Formed

20 The wild beasts will honor me, the jackals and the ostriches, for I give water in the wilderness, rivers in the desert, to give drink to my chosen people,
21 the people whom I formed for myself that they might declare my praise. http://esv.to/Isa43.20-21

We are free to live and breathe and have our being and to choose life. This is God’s gift to us all. We are free to walk into God’s arms or to turn our backs and walk away. God is here to receive us, be with us and if necessary bring us back. This is his overflowing love in the face of our sin. We experience this abundance despite the wilderness we sometimes create.

Sin is ravaging creation but blessing restores: prayer forms a people in the midst of the devastation. Beauty rises from ashes. Prayer forms us together as a people of praise and God acts to bring blessing and salvation. This work is revealed fully on the cross.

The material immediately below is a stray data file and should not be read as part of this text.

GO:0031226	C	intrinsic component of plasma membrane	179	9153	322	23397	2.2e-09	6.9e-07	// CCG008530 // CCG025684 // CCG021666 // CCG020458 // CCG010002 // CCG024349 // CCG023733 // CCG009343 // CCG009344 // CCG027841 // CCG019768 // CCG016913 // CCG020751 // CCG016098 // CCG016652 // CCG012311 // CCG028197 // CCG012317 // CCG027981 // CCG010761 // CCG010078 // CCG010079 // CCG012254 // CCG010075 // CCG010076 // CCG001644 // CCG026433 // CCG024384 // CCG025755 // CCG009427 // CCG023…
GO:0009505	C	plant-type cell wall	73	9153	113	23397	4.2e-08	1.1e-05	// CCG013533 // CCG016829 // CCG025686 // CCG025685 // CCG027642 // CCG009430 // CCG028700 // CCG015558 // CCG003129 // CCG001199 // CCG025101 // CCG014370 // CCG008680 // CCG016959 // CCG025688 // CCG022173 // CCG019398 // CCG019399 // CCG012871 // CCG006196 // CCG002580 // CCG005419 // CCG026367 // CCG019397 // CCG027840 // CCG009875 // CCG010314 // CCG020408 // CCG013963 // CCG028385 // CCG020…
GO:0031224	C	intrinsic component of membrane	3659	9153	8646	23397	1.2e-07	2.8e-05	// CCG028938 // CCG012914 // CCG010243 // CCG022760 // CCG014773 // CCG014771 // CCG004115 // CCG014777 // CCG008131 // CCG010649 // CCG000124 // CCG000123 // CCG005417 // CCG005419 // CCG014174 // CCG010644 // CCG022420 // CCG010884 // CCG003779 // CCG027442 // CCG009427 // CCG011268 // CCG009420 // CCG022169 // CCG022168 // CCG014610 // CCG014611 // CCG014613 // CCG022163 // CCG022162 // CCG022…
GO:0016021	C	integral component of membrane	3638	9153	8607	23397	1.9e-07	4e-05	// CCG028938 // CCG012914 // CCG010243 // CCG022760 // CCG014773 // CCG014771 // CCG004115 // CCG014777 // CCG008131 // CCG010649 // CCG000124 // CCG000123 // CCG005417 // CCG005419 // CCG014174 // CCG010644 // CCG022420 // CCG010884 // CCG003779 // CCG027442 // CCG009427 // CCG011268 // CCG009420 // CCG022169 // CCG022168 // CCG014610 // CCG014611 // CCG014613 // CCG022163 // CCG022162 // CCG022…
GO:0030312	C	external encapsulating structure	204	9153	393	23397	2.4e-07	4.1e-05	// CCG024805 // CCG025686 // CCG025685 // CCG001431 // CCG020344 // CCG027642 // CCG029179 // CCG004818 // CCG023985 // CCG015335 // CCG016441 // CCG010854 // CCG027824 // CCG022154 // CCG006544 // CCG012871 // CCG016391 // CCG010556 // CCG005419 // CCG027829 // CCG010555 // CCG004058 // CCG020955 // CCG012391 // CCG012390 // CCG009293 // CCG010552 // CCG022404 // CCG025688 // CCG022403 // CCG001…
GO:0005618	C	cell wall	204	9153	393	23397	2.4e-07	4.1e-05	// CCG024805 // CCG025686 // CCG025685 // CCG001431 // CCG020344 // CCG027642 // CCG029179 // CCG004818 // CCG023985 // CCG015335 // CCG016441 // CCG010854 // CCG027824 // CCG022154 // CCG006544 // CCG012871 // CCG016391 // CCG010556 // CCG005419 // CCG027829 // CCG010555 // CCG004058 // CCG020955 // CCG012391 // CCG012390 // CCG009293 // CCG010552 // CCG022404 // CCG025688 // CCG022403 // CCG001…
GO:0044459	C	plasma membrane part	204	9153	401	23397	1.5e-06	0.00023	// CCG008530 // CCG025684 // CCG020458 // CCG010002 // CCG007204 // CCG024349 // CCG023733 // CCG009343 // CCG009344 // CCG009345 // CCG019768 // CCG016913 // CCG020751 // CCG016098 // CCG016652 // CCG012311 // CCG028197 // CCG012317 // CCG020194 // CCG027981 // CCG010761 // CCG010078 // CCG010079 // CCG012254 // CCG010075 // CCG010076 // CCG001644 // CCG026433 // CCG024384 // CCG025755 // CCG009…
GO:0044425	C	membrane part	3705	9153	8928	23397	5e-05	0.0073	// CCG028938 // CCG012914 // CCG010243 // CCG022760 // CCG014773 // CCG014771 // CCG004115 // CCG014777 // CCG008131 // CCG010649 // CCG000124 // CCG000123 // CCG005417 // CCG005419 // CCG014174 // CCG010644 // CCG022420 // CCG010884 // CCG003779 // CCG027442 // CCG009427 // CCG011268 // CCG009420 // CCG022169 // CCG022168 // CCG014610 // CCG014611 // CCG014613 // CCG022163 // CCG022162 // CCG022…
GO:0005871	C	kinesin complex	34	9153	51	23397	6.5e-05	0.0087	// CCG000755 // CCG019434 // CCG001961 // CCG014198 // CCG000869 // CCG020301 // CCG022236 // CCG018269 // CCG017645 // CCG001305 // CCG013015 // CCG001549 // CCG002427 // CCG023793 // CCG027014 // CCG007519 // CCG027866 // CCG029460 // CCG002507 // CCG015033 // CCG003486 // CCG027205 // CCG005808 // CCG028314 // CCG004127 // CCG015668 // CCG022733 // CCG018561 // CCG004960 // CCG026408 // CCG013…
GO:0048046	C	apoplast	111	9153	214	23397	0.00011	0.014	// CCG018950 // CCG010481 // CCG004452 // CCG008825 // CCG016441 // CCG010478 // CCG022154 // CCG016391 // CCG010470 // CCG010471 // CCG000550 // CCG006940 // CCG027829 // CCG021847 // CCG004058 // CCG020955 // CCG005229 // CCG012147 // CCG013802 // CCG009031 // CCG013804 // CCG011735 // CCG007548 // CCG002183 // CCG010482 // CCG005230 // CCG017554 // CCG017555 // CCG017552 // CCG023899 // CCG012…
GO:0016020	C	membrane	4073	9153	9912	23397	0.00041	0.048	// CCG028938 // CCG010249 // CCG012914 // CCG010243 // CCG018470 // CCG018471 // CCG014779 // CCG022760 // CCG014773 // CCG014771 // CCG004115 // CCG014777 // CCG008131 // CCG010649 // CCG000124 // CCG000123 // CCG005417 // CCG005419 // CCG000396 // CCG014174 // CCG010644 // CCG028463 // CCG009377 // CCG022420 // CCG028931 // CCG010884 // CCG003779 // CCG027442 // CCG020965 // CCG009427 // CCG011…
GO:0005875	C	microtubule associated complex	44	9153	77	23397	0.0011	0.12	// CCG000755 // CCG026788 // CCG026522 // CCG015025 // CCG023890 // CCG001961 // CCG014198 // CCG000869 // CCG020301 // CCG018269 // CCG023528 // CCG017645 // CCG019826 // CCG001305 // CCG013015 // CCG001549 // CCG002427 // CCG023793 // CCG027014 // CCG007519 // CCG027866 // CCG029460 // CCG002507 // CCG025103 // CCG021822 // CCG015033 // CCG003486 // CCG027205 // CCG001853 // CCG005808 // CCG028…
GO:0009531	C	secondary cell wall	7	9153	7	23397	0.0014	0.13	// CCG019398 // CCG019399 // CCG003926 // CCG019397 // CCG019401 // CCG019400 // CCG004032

The cross is the place and the time where the depths of God’s love and the means of his forgiveness are glorified. This happens in the midst of sin; in the mess of human evil, the One who knew no sin becomes sin for us. By faith in the One on the cross to save us from sin, we receive grace upon grace and walk free in resurrection life. Jesus is alive and death is defeated; the sting of death, its power, is destroyed.

In a dying world we become light as he is the light and the darkness does not overcome. We pray, Lord as you lead us, save us from our selves and deliver us from the evil one. Form us into a people for your praise.

Known

O LORD, you have searched me and known me! http://esv.to/Ps139.1

In the good news of Jesus we see the faith of the Church that Jesus is Lord. Jesus is the Son of God, One with the Father and the Spirit. In Jesus humanity has seen, heard and touched God.

The Church is those gathered as witnesses to this truth that Jesus is Lord and are a people who embody this truth. All come to know the Father through this mystery. It is a work of the Spirit; its foundation is the work on the cross wrought in Jesus made sin who knew no sin. The life of Jesus is the revelation that forgiveness is found in Jesus and through him we are restored to righteousness before God.